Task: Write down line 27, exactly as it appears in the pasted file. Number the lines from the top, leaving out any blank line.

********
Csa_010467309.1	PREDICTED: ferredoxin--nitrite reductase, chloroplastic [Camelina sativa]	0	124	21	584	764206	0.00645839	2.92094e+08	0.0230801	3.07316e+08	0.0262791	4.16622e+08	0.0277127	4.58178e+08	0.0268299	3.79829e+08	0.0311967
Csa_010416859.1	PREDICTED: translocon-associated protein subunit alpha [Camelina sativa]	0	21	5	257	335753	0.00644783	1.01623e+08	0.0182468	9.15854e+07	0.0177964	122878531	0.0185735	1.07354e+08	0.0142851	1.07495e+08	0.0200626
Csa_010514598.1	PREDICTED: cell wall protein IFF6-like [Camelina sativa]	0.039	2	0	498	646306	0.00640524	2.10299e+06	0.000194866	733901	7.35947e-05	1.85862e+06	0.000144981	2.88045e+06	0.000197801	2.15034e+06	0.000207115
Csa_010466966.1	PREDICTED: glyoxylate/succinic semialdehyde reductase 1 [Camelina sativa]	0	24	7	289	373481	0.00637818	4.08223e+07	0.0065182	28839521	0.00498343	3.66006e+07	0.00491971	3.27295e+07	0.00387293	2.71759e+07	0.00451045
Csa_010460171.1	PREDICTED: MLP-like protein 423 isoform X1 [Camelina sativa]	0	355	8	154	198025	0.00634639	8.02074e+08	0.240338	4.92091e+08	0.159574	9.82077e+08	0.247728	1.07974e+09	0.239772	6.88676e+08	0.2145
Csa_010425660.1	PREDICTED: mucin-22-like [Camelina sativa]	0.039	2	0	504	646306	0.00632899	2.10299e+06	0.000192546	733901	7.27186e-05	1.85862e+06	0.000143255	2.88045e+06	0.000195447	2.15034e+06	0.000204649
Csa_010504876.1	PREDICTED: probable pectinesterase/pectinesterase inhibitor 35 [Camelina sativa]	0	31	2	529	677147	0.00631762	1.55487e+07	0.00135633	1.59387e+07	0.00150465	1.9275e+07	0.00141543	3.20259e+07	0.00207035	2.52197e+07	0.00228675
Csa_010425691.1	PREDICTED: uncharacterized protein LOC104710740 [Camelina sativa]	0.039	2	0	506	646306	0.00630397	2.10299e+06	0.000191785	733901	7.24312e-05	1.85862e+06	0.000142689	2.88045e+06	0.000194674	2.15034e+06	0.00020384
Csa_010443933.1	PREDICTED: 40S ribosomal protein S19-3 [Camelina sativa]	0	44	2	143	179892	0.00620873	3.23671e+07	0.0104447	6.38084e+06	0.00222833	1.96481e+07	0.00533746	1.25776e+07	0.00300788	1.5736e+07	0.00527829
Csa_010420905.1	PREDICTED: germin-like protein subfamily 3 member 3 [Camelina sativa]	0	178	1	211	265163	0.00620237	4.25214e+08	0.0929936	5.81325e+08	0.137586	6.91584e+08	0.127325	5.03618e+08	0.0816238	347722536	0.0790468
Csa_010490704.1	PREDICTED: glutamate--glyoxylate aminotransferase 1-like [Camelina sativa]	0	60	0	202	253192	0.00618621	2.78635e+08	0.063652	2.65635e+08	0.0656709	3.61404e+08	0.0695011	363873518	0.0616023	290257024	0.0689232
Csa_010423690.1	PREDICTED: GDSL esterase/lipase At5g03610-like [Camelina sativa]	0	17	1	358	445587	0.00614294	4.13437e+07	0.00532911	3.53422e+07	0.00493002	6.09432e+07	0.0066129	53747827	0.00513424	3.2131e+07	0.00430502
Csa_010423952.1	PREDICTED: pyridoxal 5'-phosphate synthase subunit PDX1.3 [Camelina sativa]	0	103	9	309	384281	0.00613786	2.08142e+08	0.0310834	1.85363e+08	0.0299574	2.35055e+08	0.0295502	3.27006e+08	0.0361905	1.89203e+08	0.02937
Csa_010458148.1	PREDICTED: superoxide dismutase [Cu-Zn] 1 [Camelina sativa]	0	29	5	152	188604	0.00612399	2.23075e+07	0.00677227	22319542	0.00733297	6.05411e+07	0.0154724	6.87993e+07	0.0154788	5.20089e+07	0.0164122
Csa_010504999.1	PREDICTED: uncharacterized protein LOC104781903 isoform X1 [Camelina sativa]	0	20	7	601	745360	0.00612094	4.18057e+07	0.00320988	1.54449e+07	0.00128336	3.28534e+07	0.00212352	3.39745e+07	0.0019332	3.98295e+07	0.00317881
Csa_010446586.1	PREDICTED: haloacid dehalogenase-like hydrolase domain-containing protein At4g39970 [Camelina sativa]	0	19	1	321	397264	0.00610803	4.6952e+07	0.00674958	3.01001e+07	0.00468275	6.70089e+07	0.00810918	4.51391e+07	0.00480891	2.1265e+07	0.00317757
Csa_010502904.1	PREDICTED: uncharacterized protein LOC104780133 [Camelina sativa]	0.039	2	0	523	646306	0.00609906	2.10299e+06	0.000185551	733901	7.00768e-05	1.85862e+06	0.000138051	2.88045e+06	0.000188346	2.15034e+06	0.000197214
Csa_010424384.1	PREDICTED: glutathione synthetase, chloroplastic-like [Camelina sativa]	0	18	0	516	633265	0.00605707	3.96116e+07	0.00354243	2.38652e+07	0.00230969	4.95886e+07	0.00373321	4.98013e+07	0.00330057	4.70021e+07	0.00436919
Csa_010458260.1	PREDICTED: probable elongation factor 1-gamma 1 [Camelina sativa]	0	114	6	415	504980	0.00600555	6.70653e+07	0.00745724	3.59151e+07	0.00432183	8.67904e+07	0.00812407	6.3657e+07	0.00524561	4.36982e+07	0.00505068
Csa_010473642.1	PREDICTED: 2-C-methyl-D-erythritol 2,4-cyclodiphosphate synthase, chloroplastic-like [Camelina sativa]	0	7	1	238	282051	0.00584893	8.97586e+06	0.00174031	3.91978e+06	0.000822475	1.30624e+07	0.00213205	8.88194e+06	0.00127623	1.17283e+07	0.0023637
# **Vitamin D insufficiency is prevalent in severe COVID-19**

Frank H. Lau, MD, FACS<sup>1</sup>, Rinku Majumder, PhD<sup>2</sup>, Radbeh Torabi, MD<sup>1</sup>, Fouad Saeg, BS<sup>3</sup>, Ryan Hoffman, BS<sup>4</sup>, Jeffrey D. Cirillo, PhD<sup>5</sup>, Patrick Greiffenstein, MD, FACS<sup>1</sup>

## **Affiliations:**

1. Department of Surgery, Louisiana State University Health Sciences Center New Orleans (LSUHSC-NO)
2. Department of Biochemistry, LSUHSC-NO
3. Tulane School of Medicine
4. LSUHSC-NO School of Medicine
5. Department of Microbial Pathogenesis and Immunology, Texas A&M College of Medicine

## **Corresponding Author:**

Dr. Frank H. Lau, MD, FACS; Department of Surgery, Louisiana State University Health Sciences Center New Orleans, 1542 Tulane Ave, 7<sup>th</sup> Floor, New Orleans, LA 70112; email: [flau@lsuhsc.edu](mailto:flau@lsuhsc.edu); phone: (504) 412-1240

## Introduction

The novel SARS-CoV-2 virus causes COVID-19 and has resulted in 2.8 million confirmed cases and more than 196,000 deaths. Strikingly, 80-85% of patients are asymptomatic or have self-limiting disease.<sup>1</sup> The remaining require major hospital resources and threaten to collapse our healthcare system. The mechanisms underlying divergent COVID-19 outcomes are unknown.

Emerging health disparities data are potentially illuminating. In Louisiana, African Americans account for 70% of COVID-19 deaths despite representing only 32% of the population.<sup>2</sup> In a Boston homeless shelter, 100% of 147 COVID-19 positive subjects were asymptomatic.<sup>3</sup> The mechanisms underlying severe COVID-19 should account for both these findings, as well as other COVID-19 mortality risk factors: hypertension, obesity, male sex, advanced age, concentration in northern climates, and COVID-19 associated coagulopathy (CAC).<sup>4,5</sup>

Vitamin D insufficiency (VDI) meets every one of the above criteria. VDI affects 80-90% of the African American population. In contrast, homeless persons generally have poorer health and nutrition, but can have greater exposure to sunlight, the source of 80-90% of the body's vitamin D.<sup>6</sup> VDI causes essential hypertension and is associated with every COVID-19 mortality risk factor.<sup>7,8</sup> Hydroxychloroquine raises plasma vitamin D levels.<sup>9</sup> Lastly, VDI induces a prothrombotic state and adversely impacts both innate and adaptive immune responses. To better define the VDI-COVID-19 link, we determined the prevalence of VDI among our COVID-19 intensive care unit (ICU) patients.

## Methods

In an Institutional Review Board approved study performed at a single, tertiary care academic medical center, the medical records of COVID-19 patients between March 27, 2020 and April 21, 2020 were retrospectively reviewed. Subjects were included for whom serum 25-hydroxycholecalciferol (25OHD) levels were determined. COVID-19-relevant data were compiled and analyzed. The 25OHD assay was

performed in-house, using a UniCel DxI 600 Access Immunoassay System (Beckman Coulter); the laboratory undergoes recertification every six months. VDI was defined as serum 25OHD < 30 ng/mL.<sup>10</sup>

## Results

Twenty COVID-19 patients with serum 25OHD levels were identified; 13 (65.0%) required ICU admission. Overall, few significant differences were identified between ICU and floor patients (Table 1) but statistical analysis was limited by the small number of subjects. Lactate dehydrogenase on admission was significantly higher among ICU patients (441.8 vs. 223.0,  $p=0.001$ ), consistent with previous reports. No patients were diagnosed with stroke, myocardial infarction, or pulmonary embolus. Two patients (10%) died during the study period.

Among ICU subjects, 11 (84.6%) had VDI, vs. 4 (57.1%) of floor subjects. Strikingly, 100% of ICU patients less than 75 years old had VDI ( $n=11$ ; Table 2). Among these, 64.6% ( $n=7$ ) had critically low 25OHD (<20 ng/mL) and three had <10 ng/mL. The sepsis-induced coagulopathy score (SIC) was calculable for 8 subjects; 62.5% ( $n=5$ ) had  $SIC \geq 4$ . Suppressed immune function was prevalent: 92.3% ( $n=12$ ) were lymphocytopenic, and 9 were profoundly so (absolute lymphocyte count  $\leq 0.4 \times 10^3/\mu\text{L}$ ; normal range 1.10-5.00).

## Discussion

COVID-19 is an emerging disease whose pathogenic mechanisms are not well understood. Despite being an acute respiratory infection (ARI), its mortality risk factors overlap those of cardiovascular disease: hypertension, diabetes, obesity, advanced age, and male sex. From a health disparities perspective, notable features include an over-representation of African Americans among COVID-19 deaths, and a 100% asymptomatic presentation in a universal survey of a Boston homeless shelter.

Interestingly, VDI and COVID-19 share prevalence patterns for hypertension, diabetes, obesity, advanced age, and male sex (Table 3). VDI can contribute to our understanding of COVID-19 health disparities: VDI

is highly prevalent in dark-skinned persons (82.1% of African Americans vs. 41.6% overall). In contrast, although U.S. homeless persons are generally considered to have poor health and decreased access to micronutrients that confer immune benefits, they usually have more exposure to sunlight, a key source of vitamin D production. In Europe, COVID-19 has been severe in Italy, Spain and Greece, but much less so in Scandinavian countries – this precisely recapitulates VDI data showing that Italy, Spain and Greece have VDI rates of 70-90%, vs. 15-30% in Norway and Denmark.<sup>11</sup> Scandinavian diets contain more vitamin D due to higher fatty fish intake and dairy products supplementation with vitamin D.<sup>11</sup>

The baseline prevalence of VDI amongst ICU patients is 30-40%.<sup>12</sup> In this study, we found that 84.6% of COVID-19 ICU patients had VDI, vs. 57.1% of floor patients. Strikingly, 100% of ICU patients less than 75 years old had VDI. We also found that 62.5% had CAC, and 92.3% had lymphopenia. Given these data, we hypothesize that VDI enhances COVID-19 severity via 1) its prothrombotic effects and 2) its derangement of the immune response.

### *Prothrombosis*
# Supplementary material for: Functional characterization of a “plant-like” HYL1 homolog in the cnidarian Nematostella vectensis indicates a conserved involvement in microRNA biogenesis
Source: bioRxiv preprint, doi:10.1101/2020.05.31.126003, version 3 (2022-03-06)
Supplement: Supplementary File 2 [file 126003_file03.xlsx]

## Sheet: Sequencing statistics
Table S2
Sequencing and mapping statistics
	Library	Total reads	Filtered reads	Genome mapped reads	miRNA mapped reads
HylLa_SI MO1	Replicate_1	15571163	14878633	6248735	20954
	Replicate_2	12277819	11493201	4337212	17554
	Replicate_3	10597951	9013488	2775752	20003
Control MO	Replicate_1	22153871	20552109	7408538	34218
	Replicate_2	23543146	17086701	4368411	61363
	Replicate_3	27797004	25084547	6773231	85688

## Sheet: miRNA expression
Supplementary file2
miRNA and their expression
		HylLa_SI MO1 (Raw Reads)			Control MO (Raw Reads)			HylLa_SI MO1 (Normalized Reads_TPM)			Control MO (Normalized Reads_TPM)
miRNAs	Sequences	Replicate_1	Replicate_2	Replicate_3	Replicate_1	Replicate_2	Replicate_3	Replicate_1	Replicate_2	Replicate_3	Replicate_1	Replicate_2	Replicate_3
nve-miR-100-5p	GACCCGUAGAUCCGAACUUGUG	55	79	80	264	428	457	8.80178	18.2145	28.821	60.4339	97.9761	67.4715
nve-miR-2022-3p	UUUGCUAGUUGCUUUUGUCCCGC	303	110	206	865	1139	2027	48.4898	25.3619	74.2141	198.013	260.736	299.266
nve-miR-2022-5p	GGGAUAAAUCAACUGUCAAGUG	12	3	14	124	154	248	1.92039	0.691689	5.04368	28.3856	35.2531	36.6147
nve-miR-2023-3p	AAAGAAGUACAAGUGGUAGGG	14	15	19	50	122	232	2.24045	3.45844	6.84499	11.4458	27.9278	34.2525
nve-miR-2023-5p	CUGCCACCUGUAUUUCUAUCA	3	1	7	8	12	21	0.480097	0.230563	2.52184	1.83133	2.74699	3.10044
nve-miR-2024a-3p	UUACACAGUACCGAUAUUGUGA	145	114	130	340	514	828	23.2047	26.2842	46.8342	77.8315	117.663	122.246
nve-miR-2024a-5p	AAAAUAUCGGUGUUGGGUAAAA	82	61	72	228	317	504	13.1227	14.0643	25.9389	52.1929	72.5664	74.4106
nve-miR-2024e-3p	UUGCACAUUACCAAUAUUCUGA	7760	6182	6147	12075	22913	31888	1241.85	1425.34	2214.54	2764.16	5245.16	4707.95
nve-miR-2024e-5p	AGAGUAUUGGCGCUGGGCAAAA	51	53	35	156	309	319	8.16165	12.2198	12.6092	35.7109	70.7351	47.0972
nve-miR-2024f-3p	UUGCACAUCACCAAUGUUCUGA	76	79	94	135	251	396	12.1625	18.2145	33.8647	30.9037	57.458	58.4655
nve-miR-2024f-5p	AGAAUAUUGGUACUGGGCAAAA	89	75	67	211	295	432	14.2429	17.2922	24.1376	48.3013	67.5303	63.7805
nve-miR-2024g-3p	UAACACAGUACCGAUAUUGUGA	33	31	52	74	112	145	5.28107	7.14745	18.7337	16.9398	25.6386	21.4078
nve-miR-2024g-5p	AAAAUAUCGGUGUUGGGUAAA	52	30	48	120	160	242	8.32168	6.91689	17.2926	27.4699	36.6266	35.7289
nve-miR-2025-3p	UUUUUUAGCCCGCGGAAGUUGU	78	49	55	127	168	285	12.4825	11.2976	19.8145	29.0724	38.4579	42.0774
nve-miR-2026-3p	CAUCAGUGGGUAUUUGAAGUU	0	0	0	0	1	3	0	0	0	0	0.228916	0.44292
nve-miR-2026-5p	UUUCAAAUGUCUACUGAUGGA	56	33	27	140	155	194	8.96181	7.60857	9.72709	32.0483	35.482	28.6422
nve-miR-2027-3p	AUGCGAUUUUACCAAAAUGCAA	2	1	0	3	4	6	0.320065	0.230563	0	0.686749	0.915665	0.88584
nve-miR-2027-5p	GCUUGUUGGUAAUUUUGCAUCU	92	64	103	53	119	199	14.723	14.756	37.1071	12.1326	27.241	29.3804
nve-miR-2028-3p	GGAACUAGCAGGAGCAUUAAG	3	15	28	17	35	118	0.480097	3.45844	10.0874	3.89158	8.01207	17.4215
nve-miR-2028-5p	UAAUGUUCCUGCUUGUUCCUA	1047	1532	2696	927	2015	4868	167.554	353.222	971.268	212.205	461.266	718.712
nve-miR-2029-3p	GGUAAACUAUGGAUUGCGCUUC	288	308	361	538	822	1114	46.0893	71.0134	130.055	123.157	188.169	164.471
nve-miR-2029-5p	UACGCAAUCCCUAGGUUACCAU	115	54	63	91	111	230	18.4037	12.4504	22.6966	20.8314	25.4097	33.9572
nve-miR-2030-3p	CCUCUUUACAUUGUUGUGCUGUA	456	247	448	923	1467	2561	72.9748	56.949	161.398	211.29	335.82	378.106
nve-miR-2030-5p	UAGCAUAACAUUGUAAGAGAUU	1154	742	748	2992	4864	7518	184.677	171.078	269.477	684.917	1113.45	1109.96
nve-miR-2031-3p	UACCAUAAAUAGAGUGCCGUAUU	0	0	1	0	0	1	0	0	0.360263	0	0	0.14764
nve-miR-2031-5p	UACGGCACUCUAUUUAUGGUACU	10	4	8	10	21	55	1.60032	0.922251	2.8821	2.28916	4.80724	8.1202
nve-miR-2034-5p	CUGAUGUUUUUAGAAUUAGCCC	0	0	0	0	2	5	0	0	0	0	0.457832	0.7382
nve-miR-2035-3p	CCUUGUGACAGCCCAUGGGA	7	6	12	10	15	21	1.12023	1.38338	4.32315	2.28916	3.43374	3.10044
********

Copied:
4. LSUHSC-NO School of Medicine